• \(\mathbb{P}\text{:}\) the positive integers, \(\{1, 2, 3, 4, \ldots \}\)
    • \(\mathbb{N}\text{:}\) the natural numbers, \(\{0, 1, 2, 3, \ldots \}\)
    • \(\mathbb{Z}\text{:}\) the integers, \(\{\ldots , -3, -2, -1, 0, 1, 2, 3,\ldots \}\)
    • \(\mathbb{Q}\text{:}\) the rational numbers
    • \(\mathbb{R}\text{:}\) the real numbers
    • \(\mathbb{C}\text{:}\) the complex numbers

    Caution: Some people (roughly half of the world?) call the set \(\{1, 2, 3, 4, \ldots \}\) the natural numbers. We are not among them. We take the pythonic approach that assumes that starting with zero is more natural than starting at one.

    Set-Builder Notation. Another way of describing sets is to use set-builder notation. For example, we could define the rational numbers as

    \begin{equation*} \mathbb{Q}=\{a/b \mid a, b \in \mathbb{Z}, b\neq 0\}\text{.} \end{equation*}

    Note that in the set-builder description for the rational numbers:

    • \(a/b\) indicates that a typical element of the set is a “fraction.”
    • The vertical line, \(\mid\text{,}\) is read “such that” or “where,” and is used interchangeably with a colon.
    • \(a, b\in \mathbb{Z}\) is an abbreviated way of saying \(a\) and \(b\) are integers.
    • Commas in mathematics are read as “and.”

    The important fact to keep in mind in set notation, or in any mathematical notation, is that it is meant to be a help, not a hindrance. We hope that notation will assist us in a more complete understanding of the collection of objects under consideration and will enable us to describe it in a concise manner. However, brevity of notation is not the aim of sets. If you prefer to write \(a\in \mathbb{Z}\) and \(b\in \mathbb{Z}\) instead of \(a, b\in \mathbb{Z}\text{,}\) you should do so. Also, there are frequently many different, and equally good, ways of describing sets. For example, \(\{x\in \mathbb{R} \mid x^{2}-5x+6 =0\}\) and \(\{x \mid x \in \mathbb{R}, x^{2}-5x+6=0\}\) both describe the solution set \(\{2, 3\}\text{.}\)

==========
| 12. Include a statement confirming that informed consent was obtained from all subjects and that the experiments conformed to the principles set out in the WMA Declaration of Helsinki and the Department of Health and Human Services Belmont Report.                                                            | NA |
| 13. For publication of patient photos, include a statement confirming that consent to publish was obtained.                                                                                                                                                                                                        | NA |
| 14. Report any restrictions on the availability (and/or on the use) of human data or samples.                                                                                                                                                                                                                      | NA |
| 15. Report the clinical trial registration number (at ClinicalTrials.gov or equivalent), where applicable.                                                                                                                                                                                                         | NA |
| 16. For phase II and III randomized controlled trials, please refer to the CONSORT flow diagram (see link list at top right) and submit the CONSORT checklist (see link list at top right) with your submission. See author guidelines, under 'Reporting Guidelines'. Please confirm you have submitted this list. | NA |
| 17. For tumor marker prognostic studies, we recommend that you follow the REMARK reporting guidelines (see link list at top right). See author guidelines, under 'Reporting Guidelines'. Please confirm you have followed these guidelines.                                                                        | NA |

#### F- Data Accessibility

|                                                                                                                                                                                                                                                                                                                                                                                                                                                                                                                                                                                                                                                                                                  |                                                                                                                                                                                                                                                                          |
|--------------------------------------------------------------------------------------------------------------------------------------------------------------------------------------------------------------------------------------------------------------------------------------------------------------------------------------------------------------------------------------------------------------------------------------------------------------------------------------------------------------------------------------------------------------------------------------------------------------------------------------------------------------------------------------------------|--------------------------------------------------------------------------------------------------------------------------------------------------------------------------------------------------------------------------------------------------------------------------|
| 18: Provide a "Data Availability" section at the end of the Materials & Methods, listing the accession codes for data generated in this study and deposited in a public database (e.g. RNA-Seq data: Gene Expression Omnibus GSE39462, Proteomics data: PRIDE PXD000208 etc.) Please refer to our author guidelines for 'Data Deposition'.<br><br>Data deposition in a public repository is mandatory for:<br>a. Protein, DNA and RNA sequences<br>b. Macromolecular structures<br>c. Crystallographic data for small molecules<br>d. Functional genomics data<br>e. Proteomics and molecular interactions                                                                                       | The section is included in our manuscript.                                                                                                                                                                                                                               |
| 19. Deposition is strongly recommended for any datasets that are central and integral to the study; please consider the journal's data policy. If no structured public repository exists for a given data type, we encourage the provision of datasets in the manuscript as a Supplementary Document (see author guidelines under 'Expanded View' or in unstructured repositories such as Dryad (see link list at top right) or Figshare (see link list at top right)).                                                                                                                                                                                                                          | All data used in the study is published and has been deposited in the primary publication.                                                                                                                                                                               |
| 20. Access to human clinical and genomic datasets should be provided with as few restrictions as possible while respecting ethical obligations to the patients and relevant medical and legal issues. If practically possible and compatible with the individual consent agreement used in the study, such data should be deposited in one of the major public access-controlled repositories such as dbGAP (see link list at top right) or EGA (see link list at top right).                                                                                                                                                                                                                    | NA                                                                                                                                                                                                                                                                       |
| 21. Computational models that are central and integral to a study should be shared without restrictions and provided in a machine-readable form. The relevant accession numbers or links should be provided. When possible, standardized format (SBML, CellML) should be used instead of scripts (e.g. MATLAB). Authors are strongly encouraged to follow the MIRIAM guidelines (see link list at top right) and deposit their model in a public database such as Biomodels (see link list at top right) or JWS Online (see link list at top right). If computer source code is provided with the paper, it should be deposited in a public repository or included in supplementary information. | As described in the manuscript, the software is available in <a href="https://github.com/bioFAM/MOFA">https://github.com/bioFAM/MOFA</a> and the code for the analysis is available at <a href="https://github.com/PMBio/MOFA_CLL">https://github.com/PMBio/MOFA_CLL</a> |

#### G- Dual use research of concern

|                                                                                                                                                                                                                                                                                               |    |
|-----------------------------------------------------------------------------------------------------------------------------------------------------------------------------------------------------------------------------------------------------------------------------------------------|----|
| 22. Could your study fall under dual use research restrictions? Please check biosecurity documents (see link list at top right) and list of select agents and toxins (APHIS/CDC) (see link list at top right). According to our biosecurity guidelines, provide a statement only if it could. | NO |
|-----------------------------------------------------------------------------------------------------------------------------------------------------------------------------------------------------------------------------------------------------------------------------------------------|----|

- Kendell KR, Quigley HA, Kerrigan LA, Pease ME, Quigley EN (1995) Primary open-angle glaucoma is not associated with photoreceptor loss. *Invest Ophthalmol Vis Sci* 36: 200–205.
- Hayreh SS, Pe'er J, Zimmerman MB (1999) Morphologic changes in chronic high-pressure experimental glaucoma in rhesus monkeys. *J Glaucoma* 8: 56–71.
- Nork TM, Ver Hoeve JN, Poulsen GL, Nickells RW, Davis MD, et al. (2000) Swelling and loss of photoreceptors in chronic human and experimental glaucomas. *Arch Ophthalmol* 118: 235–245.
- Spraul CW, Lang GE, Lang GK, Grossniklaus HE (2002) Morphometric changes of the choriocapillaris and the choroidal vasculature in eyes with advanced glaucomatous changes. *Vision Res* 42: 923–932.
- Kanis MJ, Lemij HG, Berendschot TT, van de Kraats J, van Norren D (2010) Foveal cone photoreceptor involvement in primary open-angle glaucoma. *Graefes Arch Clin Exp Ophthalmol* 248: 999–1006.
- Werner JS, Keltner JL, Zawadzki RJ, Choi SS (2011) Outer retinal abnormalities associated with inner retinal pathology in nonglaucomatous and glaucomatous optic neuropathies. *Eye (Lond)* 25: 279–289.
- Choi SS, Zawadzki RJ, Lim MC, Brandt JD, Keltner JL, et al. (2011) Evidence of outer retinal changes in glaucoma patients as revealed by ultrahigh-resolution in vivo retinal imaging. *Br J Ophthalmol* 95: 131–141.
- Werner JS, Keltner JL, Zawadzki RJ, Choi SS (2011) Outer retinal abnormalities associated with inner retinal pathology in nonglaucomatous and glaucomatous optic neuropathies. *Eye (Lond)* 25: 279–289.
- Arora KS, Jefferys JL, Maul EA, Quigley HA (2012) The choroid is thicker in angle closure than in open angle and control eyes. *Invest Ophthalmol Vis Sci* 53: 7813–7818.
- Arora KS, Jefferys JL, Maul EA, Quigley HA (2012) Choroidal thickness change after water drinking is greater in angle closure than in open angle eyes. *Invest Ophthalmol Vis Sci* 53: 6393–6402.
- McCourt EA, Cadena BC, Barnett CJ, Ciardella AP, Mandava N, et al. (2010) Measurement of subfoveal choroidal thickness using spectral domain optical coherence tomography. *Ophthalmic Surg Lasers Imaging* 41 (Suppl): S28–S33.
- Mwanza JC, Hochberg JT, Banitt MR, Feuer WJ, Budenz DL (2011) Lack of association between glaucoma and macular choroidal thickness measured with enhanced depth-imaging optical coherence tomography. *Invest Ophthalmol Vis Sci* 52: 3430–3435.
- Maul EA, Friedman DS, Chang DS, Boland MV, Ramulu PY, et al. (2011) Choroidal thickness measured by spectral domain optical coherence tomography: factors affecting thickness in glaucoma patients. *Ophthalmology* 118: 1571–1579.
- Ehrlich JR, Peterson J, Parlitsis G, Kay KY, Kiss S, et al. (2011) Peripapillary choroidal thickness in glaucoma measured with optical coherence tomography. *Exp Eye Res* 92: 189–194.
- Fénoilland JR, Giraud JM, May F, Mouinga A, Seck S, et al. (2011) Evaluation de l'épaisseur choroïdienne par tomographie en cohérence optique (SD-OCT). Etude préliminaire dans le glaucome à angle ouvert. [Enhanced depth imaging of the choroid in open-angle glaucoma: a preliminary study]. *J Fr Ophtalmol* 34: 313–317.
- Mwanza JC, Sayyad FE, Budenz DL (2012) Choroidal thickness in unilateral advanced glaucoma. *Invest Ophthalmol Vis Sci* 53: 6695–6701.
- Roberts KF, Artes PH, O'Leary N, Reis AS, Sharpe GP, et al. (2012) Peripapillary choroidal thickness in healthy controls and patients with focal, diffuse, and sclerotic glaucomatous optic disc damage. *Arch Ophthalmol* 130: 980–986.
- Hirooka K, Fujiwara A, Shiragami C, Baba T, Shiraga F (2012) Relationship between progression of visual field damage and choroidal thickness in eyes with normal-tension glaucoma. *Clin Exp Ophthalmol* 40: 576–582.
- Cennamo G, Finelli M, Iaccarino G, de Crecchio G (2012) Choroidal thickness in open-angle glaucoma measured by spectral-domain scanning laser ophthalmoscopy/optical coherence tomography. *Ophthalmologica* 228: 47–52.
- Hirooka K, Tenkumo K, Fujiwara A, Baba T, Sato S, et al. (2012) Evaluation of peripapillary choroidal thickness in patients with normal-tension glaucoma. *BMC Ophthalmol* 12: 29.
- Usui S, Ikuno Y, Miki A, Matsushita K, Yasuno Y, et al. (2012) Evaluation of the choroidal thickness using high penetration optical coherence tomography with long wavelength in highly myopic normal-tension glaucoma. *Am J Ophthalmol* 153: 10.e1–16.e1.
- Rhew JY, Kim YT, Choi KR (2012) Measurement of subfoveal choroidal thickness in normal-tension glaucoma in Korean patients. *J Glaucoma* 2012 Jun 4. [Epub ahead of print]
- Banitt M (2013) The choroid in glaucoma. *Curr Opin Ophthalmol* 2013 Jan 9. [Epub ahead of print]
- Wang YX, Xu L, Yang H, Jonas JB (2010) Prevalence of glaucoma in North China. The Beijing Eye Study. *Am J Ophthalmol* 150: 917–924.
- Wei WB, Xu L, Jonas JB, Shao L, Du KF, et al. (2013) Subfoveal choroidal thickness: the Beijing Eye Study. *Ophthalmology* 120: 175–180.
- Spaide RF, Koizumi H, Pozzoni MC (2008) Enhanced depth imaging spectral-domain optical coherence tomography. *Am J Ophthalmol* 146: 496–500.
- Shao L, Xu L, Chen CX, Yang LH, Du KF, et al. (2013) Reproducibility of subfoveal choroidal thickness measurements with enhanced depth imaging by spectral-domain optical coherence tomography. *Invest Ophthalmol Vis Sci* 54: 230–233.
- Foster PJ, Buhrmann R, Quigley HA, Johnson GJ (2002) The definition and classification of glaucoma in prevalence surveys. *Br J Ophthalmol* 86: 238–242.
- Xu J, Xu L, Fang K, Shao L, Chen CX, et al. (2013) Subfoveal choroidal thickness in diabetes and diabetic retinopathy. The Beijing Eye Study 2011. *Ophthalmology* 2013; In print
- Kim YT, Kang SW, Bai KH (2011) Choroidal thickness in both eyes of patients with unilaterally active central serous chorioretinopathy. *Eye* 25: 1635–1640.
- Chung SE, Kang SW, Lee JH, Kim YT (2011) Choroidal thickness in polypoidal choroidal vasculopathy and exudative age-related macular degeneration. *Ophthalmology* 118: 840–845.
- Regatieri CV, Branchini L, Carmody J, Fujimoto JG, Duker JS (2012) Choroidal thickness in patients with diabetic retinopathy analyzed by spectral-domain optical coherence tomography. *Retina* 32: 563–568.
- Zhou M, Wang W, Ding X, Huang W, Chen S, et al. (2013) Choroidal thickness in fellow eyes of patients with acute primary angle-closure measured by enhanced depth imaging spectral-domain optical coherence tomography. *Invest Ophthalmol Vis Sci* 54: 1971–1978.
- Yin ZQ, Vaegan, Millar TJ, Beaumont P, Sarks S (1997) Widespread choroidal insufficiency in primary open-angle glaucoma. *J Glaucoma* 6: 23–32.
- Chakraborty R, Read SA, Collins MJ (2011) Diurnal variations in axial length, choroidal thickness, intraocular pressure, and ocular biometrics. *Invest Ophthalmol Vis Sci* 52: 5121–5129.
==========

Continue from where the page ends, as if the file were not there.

A proper definition of the real numbers is beyond the scope of this text. It is sufficient to think of the real numbers as the set of points on a number line. The complex numbers can be defined using set-builder notation as \(\mathbb{C} = \{a + b i:a, b \in \mathbb{R}\}\text{,}\) where \(i^2 = -1\text{.}\)

    In the following definition we will leave the word “finite” undefined.

    Definition \(\PageIndex{1}\): Finite Set

    A set is a finite set if it has a finite number of elements. Any set that is not finite is an infinite set.

    Definition \(\PageIndex{2}\): Cardinality

    Let \(A\) be a finite set. The number of different elements in \(A\) is called its cardinality. The cardinality of a finite set \(A\) is denoted \(\lvert A \rvert\text{.}\)

    As we will see later, there are different infinite cardinalities. We can't make this distinction until Chapter 7, so we will restrict cardinality to finite sets for now.


    Definition \(\PageIndex{3}\): Subset